CON: Teachers Should Not Talk Politics

Samantha is sitting in her U.S. History class when the all-too-familiar topic of the presidential election makes its way into the conversation. Her teacher goes on about how horrible Trump is and how the policies he will create will definitely not make America great again.

While Samantha does not have strong political affiliations with Trump, her parents have told her that they are planning to vote for him, and the opinion of her teacher makes her feel very uncomfortable.

Samantha is not alone in feeling awkward about the political views of her teacher being shared. Teachers should be present to create an environment for student participation, learning, and growth. The way to do this is by moderating conversations to make sure that as many as possible opinions are heard and given equal respect.

If a teacher’s expressed opinion opposes the opinion of a student, then the student may feel too intimidated to share her own views in fear of judgment by the teacher or her peers. For students who do share a differing opinion than that of the teacher, the student (or possibly the teacher) might try to substantiate their belief. This can lead the pair to feel uncomfortable and possibly create a communication barrier between the two.

In an environment designed for teaching and learning, the last outcome people want is for communication, respect or interest to be forgotten. Due to the resentment of the teacher, students could become disengaged in class, resulting in a decrease in participation and academic performance.

Not only do strained relations have the potential to negatively impact academic performance, but so does time spent on conversations irrelevant to the subject. For example, if a precalculus class is in the midst of taking notes on sinusoidal graphs and Trump somehow makes his way into the conversation, the class may become very distracted. Whether it be the teacher or the student(s) who begins the conversation, it quickly turns into a waste of class time which should be focused on math, not ridicule.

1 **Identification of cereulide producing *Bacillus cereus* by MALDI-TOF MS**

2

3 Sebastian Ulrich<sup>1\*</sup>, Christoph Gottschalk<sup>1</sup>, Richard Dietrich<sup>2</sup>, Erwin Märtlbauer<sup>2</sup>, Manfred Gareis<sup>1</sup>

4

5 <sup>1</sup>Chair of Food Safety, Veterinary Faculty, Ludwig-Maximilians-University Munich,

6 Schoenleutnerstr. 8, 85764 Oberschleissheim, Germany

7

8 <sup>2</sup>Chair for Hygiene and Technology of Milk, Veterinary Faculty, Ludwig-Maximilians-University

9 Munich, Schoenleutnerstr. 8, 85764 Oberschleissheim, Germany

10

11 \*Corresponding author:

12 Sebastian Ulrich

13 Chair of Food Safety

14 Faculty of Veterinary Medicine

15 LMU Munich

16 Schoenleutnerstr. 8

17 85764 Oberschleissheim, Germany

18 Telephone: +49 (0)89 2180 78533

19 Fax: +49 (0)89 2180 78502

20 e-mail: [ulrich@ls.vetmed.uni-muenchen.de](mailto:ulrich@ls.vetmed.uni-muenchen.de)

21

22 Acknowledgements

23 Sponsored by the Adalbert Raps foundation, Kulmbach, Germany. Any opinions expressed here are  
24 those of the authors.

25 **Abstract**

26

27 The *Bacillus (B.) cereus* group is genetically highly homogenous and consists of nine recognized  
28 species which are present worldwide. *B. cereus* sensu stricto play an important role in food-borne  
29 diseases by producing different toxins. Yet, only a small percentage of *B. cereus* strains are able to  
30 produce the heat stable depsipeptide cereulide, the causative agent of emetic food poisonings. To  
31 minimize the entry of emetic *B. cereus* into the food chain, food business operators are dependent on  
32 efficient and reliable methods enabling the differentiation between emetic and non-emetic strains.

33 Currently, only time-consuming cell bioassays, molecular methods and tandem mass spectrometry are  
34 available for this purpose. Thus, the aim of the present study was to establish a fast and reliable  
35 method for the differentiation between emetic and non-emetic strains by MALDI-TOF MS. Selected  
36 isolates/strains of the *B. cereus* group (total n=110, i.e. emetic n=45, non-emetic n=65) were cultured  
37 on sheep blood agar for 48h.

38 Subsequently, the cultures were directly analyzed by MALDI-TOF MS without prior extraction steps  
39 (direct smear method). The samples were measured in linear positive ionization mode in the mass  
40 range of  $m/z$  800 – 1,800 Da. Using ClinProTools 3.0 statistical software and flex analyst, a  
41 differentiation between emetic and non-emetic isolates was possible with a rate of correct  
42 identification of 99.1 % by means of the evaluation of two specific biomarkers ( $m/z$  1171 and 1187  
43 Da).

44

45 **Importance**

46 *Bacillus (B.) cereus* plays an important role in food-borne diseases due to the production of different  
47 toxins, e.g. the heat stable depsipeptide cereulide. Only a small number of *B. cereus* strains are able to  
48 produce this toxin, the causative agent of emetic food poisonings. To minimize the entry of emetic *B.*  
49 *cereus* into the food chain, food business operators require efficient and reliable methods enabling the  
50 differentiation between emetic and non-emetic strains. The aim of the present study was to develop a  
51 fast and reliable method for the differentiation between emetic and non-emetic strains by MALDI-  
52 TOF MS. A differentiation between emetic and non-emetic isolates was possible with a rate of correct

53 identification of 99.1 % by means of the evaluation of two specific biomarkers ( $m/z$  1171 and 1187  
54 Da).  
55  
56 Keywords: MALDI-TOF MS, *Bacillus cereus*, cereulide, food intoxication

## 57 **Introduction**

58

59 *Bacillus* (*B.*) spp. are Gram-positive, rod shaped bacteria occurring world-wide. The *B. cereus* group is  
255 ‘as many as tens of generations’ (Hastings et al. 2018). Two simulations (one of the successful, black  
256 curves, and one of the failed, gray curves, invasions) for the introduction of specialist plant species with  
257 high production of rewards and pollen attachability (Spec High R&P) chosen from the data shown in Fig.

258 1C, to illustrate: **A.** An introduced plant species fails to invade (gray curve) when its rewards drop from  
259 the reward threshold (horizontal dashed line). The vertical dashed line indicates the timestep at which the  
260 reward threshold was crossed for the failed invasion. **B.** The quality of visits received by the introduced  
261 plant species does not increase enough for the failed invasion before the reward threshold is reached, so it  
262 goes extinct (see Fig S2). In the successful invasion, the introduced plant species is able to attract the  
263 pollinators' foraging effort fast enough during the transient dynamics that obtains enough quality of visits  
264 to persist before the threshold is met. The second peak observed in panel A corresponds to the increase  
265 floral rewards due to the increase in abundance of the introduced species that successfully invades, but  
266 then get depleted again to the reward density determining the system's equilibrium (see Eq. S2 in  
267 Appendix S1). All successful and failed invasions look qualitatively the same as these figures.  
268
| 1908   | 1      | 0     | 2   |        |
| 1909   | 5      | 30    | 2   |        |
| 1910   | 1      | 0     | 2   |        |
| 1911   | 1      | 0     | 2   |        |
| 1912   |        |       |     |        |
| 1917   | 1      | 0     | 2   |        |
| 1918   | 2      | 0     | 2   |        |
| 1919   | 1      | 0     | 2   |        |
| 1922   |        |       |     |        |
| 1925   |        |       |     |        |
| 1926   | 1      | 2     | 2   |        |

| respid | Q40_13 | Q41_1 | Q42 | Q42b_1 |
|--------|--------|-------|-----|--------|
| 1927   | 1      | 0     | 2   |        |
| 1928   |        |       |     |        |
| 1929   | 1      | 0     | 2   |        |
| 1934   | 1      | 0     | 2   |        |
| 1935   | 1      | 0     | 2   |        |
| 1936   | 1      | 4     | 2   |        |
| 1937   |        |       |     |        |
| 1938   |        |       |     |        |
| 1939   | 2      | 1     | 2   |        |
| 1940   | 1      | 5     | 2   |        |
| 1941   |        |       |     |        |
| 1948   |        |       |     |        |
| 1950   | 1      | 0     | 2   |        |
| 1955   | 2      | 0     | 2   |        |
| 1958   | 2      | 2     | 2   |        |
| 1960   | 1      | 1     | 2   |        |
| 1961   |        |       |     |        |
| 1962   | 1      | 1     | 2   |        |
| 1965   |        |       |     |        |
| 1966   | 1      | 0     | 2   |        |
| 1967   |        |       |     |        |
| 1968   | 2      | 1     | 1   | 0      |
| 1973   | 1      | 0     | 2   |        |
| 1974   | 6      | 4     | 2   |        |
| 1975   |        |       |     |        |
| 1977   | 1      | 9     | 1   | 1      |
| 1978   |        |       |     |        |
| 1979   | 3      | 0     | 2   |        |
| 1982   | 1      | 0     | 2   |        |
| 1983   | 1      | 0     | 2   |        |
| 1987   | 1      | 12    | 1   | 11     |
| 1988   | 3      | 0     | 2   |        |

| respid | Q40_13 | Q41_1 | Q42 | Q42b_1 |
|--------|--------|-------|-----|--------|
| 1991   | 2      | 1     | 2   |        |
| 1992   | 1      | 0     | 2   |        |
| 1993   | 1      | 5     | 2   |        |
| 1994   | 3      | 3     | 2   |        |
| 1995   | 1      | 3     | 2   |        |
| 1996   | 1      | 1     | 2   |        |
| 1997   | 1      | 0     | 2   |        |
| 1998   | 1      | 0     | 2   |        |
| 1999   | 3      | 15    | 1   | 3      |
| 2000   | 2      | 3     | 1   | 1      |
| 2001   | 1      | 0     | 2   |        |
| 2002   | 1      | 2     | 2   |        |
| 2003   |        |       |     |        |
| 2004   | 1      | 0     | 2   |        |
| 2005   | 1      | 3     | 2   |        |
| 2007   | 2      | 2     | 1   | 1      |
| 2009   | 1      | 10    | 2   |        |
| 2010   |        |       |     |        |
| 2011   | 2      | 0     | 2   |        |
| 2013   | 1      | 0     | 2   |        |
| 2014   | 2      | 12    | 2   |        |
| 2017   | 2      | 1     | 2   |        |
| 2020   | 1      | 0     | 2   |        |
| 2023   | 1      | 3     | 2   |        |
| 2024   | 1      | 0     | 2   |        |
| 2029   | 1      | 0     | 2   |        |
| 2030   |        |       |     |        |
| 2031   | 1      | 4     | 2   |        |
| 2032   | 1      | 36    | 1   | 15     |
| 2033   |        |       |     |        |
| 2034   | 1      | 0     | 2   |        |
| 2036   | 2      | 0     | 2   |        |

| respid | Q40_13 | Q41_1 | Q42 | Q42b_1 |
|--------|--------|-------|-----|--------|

The Presentation administration agrees that while talking about politics in a controlled classroom is beneficial for students, particularly during a presidential election, teachers should keep their personal opinions to themselves.

Ms. Miller said in an email, “We do not shy away from controversial issues, but seek to present both sides and encourage students to think critically.” Students do not have to and should not have to refrain from becoming active members of the policymaking system.

One of the academic goals found on the Presentation website is “giving [students] the knowledge and confidence to discover their own unique voices and points of view,” which further shows that Pres students are encouraged to form their own opinions. Students are not able to do so if the biased statements of teachers are commonly shared during class.

Teachers are strong authority figures who have a lot of influence over students, and they must acknowledge the power of their position. This means that teachers need to realize that if they make certain remarks about presidential candidates or other politics in a condescending tone, then students may get the impression that it is acceptable for them to act disrespectfully as well.

Teachers have a responsibility to make sure that conversations about politics are relevant, treated in a respectful manner, all-inclusive and encourage students to think critically. The opportunity to learn about politics in a safe environment is crucial to the success of the next voting generation.